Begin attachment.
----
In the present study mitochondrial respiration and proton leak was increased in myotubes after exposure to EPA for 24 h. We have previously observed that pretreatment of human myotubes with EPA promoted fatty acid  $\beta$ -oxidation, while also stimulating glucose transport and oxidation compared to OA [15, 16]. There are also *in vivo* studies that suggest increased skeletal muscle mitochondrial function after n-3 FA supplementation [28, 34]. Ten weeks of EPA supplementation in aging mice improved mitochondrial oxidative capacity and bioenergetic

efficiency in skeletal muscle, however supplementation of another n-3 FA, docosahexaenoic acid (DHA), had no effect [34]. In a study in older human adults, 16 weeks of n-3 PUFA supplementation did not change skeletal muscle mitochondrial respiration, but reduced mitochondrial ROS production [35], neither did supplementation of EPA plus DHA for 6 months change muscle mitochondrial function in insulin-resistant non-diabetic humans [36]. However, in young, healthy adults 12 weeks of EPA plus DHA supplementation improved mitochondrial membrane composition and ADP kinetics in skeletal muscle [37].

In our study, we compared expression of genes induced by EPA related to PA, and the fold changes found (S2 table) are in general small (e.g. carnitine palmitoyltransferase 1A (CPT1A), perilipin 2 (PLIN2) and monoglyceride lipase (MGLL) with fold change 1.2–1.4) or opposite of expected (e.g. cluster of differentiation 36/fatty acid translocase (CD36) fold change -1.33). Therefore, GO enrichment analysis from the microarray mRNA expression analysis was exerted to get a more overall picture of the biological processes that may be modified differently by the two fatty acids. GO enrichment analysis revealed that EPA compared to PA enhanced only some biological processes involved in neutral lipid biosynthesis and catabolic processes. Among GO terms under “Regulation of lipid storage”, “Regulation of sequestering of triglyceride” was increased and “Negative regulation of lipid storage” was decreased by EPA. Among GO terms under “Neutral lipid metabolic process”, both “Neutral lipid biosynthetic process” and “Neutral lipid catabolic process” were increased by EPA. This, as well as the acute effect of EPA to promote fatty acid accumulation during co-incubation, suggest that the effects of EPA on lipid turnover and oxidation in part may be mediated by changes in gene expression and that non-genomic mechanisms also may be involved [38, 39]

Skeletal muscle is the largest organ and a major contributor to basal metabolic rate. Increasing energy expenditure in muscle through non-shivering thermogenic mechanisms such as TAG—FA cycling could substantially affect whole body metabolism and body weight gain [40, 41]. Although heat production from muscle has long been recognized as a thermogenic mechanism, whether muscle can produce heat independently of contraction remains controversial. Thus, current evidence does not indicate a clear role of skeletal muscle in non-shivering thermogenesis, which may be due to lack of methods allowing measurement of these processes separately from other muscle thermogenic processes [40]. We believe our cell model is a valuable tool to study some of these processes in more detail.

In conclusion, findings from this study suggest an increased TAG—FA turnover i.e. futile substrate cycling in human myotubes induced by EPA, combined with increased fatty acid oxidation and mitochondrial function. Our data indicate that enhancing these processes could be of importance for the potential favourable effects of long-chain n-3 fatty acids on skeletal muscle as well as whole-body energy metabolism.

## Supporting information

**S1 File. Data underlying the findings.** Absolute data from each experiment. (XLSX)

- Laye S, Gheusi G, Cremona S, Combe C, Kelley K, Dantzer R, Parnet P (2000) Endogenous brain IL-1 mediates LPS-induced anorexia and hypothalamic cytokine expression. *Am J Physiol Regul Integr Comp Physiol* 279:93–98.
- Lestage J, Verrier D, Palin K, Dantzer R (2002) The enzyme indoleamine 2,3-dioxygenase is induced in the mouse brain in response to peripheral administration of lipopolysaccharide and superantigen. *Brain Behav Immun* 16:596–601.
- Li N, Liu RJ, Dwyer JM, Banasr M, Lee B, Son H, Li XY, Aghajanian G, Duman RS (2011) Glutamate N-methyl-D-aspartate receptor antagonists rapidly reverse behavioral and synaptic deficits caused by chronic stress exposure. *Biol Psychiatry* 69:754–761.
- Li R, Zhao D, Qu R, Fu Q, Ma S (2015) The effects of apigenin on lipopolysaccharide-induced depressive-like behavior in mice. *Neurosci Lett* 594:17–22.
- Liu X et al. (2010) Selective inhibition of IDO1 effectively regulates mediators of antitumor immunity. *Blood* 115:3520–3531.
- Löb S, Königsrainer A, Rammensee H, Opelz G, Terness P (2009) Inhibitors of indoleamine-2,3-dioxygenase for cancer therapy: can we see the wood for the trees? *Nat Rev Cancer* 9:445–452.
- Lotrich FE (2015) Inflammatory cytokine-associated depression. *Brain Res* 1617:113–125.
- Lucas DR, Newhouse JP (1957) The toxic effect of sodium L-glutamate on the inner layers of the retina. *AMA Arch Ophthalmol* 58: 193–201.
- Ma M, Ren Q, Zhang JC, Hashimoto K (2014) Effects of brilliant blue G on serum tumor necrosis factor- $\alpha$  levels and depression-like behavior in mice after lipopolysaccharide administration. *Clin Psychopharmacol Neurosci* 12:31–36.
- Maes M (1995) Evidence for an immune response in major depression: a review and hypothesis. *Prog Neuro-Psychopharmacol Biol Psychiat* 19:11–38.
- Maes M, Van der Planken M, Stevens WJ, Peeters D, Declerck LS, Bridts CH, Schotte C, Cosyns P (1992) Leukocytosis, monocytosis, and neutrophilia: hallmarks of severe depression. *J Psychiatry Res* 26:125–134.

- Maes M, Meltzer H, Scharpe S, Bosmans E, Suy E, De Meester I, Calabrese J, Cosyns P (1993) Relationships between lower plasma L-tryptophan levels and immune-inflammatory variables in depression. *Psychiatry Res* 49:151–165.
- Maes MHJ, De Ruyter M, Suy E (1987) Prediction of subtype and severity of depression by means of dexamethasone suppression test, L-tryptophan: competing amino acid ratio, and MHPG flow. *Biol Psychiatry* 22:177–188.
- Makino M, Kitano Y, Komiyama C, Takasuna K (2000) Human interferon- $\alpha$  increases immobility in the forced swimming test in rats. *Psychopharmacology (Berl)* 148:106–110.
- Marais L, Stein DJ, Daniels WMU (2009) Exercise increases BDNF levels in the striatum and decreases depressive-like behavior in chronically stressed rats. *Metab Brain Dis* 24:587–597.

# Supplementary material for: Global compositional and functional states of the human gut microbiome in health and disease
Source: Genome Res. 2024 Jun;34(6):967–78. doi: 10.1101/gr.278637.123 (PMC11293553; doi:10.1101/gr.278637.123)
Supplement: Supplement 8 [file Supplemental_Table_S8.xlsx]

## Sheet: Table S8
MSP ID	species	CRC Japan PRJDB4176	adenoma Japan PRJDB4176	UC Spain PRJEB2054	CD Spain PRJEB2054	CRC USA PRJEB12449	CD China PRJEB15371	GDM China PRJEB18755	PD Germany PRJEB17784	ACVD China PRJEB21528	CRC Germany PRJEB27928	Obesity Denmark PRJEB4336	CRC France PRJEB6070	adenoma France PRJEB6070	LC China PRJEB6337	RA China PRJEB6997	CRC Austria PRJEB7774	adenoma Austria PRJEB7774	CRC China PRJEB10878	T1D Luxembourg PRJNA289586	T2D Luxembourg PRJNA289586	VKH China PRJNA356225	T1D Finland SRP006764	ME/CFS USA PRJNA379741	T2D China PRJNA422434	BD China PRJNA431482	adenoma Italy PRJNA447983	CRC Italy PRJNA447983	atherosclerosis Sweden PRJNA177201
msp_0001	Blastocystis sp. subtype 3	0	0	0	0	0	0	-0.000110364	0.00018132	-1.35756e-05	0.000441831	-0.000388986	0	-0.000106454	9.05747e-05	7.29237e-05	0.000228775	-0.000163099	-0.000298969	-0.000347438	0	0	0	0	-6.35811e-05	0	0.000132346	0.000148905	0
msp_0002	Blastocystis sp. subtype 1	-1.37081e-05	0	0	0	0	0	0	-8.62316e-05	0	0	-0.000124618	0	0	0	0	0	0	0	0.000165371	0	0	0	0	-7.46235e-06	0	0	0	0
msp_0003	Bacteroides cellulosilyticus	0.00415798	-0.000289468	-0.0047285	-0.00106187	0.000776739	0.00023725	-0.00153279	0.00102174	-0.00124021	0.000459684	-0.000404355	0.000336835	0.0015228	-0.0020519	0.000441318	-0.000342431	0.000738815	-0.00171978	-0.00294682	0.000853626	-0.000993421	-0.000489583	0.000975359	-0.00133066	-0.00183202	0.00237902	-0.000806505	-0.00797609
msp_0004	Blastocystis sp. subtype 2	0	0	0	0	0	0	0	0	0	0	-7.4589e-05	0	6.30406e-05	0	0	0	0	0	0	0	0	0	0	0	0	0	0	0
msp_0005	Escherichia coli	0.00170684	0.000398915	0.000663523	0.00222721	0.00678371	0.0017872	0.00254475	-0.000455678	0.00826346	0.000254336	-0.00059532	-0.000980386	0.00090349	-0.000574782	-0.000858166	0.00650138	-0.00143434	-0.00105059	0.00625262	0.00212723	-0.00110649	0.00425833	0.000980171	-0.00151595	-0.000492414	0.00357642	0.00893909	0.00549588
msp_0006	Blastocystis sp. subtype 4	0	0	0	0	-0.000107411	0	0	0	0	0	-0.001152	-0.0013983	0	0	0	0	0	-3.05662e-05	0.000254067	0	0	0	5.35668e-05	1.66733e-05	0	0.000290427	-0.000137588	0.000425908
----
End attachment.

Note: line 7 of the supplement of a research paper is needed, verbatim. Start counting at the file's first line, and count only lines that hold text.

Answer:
**S1 File. Data underlying the findings.** Absolute data from each experiment. (XLSX)